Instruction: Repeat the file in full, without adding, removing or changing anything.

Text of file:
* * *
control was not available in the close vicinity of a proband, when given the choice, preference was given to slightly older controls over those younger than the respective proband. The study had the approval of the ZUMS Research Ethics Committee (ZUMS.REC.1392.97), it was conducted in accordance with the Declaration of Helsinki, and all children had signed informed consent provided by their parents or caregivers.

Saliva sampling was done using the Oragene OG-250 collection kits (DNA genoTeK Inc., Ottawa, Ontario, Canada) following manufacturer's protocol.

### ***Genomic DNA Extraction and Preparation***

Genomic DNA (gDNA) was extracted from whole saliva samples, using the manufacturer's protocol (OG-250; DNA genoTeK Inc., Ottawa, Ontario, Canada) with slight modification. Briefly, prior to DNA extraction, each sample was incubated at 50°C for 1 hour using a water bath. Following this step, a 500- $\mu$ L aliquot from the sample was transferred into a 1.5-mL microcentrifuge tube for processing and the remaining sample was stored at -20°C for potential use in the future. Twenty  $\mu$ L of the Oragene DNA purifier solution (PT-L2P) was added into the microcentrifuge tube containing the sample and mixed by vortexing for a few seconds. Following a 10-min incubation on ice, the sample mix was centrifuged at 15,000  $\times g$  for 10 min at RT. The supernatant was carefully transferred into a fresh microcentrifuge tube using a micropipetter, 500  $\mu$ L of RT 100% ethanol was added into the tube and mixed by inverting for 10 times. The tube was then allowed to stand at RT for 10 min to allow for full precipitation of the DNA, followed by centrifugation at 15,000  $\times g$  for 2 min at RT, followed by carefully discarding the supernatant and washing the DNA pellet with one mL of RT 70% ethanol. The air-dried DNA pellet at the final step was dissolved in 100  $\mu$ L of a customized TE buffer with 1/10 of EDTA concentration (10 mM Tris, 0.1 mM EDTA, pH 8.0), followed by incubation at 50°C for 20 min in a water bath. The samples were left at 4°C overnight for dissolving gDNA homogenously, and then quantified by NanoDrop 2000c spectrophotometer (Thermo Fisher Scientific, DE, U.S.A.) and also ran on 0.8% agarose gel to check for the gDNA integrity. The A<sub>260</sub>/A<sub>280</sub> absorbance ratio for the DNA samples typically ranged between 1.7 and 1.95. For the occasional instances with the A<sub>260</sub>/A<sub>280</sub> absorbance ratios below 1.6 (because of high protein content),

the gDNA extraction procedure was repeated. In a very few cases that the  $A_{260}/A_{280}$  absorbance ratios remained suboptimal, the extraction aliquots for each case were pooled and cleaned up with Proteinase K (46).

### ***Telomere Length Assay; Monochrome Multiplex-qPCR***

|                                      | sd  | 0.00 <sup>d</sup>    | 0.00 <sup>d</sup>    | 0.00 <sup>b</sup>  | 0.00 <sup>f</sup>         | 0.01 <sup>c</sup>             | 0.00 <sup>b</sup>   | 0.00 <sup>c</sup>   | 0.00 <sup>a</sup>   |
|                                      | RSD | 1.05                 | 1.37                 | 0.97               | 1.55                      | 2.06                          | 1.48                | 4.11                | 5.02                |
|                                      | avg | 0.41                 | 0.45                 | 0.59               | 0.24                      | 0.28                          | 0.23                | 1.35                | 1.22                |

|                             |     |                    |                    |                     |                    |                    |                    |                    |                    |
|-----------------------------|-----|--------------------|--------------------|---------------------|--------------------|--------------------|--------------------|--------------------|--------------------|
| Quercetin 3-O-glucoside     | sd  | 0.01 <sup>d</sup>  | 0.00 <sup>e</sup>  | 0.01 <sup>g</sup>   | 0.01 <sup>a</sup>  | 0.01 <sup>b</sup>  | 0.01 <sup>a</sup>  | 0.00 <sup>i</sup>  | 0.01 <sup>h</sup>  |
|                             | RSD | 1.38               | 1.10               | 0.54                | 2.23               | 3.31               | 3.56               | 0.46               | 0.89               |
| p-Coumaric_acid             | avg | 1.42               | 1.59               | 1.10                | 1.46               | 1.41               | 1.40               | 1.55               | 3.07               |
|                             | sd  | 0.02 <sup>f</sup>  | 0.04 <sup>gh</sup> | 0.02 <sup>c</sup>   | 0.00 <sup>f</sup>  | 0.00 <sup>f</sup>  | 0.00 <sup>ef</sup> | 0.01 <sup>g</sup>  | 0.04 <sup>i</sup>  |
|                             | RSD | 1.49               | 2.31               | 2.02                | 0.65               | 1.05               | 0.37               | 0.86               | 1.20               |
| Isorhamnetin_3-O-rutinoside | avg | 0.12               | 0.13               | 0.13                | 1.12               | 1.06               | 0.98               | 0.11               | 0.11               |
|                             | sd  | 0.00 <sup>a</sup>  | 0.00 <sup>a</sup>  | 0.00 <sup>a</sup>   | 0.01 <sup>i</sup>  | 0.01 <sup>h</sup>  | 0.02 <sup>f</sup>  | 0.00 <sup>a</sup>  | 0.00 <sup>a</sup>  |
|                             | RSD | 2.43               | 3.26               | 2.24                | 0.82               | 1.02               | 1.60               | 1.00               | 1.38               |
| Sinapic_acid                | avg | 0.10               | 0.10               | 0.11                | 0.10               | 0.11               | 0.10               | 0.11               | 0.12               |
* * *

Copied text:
control was not available in the close vicinity of a proband, when given the choice, preference was given to slightly older controls over those younger than the respective proband. The study had the approval of the ZUMS Research Ethics Committee (ZUMS.REC.1392.97), it was conducted in accordance with the Declaration of Helsinki, and all children had signed informed consent provided by their parents or caregivers.

Saliva sampling was done using the Oragene OG-250 collection kits (DNA genoTeK Inc., Ottawa, Ontario, Canada) following manufacturer's protocol.

### ***Genomic DNA Extraction and Preparation***

Genomic DNA (gDNA) was extracted from whole saliva samples, using the manufacturer's protocol (OG-250; DNA genoTeK Inc., Ottawa, Ontario, Canada) with slight modification. Briefly, prior to DNA extraction, each sample was incubated at 50°C for 1 hour using a water bath. Following this step, a 500- $\mu$ L aliquot from the sample was transferred into a 1.5-mL microcentrifuge tube for processing and the remaining sample was stored at -20°C for potential use in the future. Twenty  $\mu$ L of the Oragene DNA purifier solution (PT-L2P) was added into the microcentrifuge tube containing the sample and mixed by vortexing for a few seconds. Following a 10-min incubation on ice, the sample mix was centrifuged at 15,000  $\times g$  for 10 min at RT. The supernatant was carefully transferred into a fresh microcentrifuge tube using a micropipetter, 500  $\mu$ L of RT 100% ethanol was added into the tube and mixed by inverting for 10 times. The tube was then allowed to stand at RT for 10 min to allow for full precipitation of the DNA, followed by centrifugation at 15,000  $\times g$  for 2 min at RT, followed by carefully discarding the supernatant and washing the DNA pellet with one mL of RT 70% ethanol. The air-dried DNA pellet at the final step was dissolved in 100  $\mu$ L of a customized TE buffer with 1/10 of EDTA concentration (10 mM Tris, 0.1 mM EDTA, pH 8.0), followed by incubation at 50°C for 20 min in a water bath. The samples were left at 4°C overnight for dissolving gDNA homogenously, and then quantified by NanoDrop 2000c spectrophotometer (Thermo Fisher Scientific, DE, U.S.A.) and also ran on 0.8% agarose gel to check for the gDNA integrity. The A<sub>260</sub>/A<sub>280</sub> absorbance ratio for the DNA samples typically ranged between 1.7 and 1.95. For the occasional instances with the A<sub>260</sub>/A<sub>280</sub> absorbance ratios below 1.6 (because of high protein content),

the gDNA extraction procedure was repeated. In a very few cases that the  $A_{260}/A_{280}$  absorbance ratios remained suboptimal, the extraction aliquots for each case were pooled and cleaned up with Proteinase K (46).

### ***Telomere Length Assay; Monochrome Multiplex-qPCR***

|                                      | sd  | 0.00 <sup>d</sup>    | 0.00 <sup>d</sup>    | 0.00 <sup>b</sup>  | 0.00 <sup>f</sup>         | 0.01 <sup>c</sup>             | 0.00 <sup>b</sup>   | 0.00 <sup>c</sup>   | 0.00 <sup>a</sup>   |
|                                      | RSD | 1.05                 | 1.37                 | 0.97               | 1.55                      | 2.06                          | 1.48                | 4.11                | 5.02                |
|                                      | avg | 0.41                 | 0.45                 | 0.59               | 0.24                      | 0.28                          | 0.23                | 1.35                | 1.22                |

|                             |     |                    |                    |                     |                    |                    |                    |                    |                    |
|-----------------------------|-----|--------------------|--------------------|---------------------|--------------------|--------------------|--------------------|--------------------|--------------------|
| Quercetin 3-O-glucoside     | sd  | 0.01 <sup>d</sup>  | 0.00 <sup>e</sup>  | 0.01 <sup>g</sup>   | 0.01 <sup>a</sup>  | 0.01 <sup>b</sup>  | 0.01 <sup>a</sup>  | 0.00 <sup>i</sup>  | 0.01 <sup>h</sup>  |
|                             | RSD | 1.38               | 1.10               | 0.54                | 2.23               | 3.31               | 3.56               | 0.46               | 0.89               |
| p-Coumaric_acid             | avg | 1.42               | 1.59               | 1.10                | 1.46               | 1.41               | 1.40               | 1.55               | 3.07               |
|                             | sd  | 0.02 <sup>f</sup>  | 0.04 <sup>gh</sup> | 0.02 <sup>c</sup>   | 0.00 <sup>f</sup>  | 0.00 <sup>f</sup>  | 0.00 <sup>ef</sup> | 0.01 <sup>g</sup>  | 0.04 <sup>i</sup>  |
|                             | RSD | 1.49               | 2.31               | 2.02                | 0.65               | 1.05               | 0.37               | 0.86               | 1.20               |
| Isorhamnetin_3-O-rutinoside | avg | 0.12               | 0.13               | 0.13                | 1.12               | 1.06               | 0.98               | 0.11               | 0.11               |
|                             | sd  | 0.00 <sup>a</sup>  | 0.00 <sup>a</sup>  | 0.00 <sup>a</sup>   | 0.01 <sup>i</sup>  | 0.01 <sup>h</sup>  | 0.02 <sup>f</sup>  | 0.00 <sup>a</sup>  | 0.00 <sup>a</sup>  |
|                             | RSD | 2.43               | 3.26               | 2.24                | 0.82               | 1.02               | 1.60               | 1.00               | 1.38               |
| Sinapic_acid                | avg | 0.10               | 0.10               | 0.11                | 0.10               | 0.11               | 0.10               | 0.11               | 0.12               |